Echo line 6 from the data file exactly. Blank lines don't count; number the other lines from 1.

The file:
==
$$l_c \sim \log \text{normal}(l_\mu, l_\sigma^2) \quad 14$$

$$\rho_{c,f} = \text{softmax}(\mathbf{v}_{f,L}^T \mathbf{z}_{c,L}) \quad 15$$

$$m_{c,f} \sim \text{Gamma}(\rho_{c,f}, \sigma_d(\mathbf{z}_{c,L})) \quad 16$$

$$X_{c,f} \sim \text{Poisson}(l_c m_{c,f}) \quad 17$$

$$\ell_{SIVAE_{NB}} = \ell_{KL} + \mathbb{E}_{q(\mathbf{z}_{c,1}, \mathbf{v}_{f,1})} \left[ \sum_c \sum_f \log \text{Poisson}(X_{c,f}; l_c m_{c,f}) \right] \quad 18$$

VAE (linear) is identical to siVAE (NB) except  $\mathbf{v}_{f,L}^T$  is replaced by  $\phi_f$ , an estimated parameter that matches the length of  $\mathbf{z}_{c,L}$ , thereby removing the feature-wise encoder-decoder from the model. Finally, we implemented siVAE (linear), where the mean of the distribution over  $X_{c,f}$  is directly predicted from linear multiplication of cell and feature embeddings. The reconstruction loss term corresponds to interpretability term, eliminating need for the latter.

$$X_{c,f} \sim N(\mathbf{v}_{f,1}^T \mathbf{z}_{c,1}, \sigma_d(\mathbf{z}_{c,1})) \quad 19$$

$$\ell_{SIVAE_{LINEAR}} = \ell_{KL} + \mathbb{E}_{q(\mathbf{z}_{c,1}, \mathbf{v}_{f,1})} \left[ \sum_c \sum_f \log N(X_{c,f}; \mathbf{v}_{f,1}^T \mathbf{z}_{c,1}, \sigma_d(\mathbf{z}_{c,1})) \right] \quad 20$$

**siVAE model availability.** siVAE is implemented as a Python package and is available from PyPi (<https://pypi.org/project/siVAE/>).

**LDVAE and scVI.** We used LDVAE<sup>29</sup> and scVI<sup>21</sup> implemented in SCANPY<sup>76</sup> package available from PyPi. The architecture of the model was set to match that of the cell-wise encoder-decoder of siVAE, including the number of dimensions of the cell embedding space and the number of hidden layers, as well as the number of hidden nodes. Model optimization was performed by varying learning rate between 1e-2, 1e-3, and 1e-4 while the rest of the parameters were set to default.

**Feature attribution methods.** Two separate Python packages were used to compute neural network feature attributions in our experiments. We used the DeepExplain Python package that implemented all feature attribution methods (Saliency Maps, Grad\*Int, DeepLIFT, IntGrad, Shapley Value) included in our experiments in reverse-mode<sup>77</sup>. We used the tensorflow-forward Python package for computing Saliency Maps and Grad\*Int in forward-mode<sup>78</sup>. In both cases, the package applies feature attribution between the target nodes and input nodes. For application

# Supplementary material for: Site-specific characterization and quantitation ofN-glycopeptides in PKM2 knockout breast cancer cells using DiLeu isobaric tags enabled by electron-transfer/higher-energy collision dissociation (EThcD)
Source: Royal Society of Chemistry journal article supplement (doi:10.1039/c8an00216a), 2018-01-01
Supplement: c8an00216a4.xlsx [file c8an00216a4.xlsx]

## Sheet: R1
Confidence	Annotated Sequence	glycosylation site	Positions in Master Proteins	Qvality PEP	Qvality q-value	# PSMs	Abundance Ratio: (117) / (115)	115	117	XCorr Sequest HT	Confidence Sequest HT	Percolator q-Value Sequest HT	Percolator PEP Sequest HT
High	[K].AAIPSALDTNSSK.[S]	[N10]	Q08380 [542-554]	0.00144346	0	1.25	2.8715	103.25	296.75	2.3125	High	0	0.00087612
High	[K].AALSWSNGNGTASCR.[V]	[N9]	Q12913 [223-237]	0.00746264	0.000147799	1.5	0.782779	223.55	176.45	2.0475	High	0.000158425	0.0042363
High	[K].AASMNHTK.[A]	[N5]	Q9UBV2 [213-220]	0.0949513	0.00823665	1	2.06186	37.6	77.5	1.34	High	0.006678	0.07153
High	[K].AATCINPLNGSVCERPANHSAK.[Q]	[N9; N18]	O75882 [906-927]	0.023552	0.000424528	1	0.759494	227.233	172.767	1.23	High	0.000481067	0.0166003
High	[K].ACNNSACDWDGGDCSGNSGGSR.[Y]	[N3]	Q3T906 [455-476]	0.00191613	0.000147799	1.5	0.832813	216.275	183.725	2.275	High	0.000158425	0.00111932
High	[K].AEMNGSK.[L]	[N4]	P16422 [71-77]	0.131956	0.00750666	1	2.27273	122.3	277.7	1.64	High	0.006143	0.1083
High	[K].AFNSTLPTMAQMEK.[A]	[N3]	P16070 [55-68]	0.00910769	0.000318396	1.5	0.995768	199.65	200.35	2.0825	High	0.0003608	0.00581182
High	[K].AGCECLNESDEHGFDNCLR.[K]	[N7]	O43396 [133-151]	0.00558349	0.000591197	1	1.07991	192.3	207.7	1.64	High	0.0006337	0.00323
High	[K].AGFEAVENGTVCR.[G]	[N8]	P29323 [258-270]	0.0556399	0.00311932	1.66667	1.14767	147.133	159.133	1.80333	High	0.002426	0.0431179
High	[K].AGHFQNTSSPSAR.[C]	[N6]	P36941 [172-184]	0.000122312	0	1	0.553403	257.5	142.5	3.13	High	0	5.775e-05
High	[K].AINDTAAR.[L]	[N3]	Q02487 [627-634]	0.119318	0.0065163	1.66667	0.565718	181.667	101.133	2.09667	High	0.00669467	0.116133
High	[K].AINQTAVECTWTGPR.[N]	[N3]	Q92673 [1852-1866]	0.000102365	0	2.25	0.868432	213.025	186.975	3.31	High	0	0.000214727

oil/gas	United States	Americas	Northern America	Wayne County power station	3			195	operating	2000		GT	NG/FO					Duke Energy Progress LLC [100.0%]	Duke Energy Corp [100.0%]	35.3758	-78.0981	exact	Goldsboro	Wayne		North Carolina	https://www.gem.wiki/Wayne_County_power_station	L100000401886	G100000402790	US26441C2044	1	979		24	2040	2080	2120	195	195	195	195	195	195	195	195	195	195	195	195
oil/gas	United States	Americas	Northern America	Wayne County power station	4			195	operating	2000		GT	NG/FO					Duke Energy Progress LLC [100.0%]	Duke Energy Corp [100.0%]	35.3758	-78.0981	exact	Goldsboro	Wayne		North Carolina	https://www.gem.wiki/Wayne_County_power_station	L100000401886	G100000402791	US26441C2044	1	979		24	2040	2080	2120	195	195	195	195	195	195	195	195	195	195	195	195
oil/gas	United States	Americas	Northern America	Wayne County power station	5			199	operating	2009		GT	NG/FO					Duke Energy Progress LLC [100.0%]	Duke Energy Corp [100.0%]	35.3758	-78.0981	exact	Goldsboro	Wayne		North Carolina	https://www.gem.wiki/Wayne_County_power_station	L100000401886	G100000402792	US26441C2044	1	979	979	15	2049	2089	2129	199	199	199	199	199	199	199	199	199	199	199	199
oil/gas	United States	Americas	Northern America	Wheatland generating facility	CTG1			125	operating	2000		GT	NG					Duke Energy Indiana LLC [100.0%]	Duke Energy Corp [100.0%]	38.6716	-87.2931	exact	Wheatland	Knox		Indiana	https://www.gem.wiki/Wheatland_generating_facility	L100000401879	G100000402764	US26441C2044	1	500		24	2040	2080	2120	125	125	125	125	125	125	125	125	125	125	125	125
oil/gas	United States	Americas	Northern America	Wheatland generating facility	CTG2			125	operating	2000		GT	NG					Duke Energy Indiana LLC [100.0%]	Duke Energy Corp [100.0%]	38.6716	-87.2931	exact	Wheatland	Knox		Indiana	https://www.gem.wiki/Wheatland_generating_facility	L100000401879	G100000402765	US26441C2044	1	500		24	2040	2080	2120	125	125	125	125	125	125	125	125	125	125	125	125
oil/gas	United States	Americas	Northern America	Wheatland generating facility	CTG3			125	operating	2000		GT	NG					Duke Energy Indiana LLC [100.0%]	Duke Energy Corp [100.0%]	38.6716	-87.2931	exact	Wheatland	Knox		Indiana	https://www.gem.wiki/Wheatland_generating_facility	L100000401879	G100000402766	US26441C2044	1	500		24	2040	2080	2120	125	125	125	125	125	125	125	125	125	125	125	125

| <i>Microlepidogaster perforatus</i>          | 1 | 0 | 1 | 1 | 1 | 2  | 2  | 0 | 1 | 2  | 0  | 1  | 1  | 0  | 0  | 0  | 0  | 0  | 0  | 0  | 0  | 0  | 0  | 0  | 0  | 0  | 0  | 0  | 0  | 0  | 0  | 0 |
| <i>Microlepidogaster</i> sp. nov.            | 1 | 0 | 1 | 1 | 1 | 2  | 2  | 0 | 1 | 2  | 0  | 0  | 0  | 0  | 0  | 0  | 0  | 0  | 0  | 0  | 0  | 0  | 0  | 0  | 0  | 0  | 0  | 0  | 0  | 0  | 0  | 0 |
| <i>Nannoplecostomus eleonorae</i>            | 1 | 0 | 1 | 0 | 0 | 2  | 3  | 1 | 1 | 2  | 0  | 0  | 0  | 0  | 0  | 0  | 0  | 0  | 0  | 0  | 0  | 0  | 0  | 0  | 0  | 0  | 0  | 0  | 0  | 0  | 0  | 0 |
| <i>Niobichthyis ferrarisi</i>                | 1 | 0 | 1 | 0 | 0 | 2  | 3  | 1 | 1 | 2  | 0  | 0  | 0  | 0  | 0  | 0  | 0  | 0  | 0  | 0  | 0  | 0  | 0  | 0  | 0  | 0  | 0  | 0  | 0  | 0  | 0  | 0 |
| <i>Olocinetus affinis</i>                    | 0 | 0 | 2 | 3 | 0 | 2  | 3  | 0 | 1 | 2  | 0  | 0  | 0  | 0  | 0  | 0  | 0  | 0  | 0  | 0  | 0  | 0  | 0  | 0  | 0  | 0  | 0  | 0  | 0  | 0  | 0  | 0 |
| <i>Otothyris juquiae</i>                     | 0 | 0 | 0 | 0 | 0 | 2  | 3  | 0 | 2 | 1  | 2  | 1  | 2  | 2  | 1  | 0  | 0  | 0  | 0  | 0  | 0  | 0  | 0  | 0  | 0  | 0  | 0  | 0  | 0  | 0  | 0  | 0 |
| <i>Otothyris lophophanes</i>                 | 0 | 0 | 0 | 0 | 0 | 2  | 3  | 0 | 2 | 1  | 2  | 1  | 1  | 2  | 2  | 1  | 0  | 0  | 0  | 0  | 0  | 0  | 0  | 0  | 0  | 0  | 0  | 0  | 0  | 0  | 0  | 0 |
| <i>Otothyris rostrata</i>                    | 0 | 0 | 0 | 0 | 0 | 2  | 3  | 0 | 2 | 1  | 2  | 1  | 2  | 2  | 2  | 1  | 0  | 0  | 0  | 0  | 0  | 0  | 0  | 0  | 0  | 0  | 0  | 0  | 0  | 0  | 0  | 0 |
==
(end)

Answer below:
VAE (linear) is identical to siVAE (NB) except  $\mathbf{v}_{f,L}^T$  is replaced by  $\phi_f$ , an estimated parameter that matches the length of  $\mathbf{z}_{c,L}$ , thereby removing the feature-wise encoder-decoder from the model. Finally, we implemented siVAE (linear), where the mean of the distribution over  $X_{c,f}$  is directly predicted from linear multiplication of cell and feature embeddings. The reconstruction loss term corresponds to interpretability term, eliminating need for the latter.